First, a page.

The Kickapoo Tribe is one of the largest and most geographically dispersed tribes in North America. They are believed to have originated in the Great Lakes region in the 1600s.
From there, they migrated to the Midwest and eventually to what is now Texas and Mexico. They were known for their fierce resistance to European settlers and for their ability to adapt to their environment.
The tribe is divided into three main divisions: the Mexican Kickapoo, the Texas Kickapoo, and the Oklahoma Kickapoo. The Mexican Kickapoo are the largest group and are located mainly in the states of Coahuila and Tamaulipas.
They are known for their traditional beliefs and their adherence to the traditional Kickapoo way of life. The Texas Kickapoo are located mainly in the state of Texas and are known for their close ties with the Comanche and Lipan Apache tribes. The Oklahoma Kickapoo are located in the state of Oklahoma and are known for their close ties with the Sac and Fox tribes.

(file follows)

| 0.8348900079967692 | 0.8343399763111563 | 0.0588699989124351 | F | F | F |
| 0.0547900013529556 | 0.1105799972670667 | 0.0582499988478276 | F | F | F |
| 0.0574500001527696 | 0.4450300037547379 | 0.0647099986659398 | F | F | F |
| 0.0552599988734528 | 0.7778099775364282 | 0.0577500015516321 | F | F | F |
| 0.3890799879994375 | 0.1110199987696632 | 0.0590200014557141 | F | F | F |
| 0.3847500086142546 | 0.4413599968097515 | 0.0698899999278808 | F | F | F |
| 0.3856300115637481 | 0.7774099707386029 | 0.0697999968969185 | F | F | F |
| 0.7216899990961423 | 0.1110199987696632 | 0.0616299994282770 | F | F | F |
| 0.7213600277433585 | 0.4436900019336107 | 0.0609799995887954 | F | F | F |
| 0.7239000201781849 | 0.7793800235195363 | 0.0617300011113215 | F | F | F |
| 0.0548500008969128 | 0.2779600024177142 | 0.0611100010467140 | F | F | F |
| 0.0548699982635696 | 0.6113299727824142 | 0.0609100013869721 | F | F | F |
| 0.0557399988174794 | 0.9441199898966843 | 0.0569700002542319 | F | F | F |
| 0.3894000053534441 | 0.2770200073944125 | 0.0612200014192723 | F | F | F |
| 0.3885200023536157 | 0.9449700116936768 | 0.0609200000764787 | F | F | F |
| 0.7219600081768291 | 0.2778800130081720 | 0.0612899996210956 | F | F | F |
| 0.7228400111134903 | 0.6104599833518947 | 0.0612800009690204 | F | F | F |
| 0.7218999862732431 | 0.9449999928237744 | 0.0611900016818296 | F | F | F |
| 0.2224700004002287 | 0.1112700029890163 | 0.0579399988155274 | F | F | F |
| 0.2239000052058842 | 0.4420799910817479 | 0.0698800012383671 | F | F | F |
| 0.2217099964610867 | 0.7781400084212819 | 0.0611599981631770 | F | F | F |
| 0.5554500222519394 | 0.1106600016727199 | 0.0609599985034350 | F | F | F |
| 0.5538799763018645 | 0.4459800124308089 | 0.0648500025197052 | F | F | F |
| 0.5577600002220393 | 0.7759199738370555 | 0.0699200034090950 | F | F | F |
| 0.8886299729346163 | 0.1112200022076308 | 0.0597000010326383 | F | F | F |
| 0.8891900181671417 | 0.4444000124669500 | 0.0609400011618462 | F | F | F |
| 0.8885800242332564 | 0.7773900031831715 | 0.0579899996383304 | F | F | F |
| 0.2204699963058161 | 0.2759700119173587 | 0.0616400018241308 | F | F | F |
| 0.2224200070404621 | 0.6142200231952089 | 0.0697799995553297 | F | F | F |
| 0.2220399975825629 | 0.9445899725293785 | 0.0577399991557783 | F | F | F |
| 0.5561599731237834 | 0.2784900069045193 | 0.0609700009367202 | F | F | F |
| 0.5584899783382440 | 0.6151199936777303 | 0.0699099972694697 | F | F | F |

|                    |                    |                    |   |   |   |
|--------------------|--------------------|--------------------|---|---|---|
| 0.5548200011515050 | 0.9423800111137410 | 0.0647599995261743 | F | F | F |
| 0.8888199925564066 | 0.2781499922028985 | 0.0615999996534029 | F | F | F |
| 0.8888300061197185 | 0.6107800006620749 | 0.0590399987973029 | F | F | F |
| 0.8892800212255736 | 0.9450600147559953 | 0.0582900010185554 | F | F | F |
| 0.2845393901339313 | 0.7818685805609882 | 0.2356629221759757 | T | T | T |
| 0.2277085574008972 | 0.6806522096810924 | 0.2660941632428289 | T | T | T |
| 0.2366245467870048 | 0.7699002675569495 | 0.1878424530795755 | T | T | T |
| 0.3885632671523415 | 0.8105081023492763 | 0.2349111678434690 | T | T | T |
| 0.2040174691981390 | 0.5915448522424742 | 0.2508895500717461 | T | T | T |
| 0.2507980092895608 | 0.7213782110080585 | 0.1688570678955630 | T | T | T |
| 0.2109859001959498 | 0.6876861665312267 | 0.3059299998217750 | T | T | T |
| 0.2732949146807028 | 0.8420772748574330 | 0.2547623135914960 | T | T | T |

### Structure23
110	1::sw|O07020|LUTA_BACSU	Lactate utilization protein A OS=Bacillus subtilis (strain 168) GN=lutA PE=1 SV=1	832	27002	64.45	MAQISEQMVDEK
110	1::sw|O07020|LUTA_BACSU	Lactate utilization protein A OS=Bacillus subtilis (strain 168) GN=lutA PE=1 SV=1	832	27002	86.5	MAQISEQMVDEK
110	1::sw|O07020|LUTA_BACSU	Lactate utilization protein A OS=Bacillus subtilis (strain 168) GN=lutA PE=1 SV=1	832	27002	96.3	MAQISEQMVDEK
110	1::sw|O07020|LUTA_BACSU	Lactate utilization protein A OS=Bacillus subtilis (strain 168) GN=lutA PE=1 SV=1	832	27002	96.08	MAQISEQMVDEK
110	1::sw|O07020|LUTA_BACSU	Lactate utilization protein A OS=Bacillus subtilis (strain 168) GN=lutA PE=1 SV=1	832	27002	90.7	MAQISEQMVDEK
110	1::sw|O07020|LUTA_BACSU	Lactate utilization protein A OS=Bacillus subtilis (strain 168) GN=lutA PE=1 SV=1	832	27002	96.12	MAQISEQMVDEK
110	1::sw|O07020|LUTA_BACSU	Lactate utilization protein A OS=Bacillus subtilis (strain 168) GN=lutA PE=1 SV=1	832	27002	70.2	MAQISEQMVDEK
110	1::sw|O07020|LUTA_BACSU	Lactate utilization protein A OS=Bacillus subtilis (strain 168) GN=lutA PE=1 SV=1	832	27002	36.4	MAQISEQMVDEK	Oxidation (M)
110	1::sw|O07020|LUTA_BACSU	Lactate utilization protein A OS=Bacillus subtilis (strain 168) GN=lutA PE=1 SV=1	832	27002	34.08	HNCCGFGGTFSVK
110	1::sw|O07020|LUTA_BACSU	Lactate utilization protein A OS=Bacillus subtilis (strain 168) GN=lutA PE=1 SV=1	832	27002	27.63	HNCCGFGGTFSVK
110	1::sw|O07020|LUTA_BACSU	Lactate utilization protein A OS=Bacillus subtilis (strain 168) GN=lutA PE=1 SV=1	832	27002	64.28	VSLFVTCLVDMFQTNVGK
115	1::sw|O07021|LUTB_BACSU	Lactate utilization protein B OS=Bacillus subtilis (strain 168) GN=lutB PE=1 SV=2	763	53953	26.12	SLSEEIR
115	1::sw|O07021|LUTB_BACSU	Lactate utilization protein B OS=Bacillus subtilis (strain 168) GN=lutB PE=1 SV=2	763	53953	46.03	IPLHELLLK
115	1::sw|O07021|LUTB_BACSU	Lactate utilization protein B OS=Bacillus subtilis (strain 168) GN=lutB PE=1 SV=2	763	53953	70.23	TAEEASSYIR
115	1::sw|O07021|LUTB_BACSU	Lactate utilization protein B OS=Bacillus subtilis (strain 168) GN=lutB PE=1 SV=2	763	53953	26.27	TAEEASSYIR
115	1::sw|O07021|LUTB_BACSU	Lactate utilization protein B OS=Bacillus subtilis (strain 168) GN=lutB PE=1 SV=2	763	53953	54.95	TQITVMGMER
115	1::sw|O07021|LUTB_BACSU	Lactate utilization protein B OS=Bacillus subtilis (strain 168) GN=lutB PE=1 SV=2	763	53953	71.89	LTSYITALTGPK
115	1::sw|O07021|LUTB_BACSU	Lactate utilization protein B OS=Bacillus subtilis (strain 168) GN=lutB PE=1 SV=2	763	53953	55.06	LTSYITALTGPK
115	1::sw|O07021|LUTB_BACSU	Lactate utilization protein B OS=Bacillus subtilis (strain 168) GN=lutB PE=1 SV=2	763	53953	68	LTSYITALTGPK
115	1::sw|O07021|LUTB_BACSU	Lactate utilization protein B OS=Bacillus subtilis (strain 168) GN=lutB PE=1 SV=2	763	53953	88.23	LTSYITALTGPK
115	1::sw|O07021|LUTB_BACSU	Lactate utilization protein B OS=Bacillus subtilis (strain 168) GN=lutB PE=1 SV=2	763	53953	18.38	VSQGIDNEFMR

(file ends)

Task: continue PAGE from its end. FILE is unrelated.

The Kickapoo have a long history of resisting colonization and fighting for their land and sovereignty. In the late 1800s, the Kickapoo were forcibly removed from their homelands in Texas and forced to settle on a reservation in Oklahoma.
In the early 1900s, the Kickapoo were again forcibly relocated, this time to a reservation in Kansas. In the 1930s, the Kickapoo were allowed to return to their ancestral homelands in Texas.
Today, the Kickapoo Tribe is a federally recognized tribe with a reservation in Oklahoma and two in Texas. The Kickapoo are actively involved in preserving their culture and traditions, and continue to fight for their rights as a sovereign nation.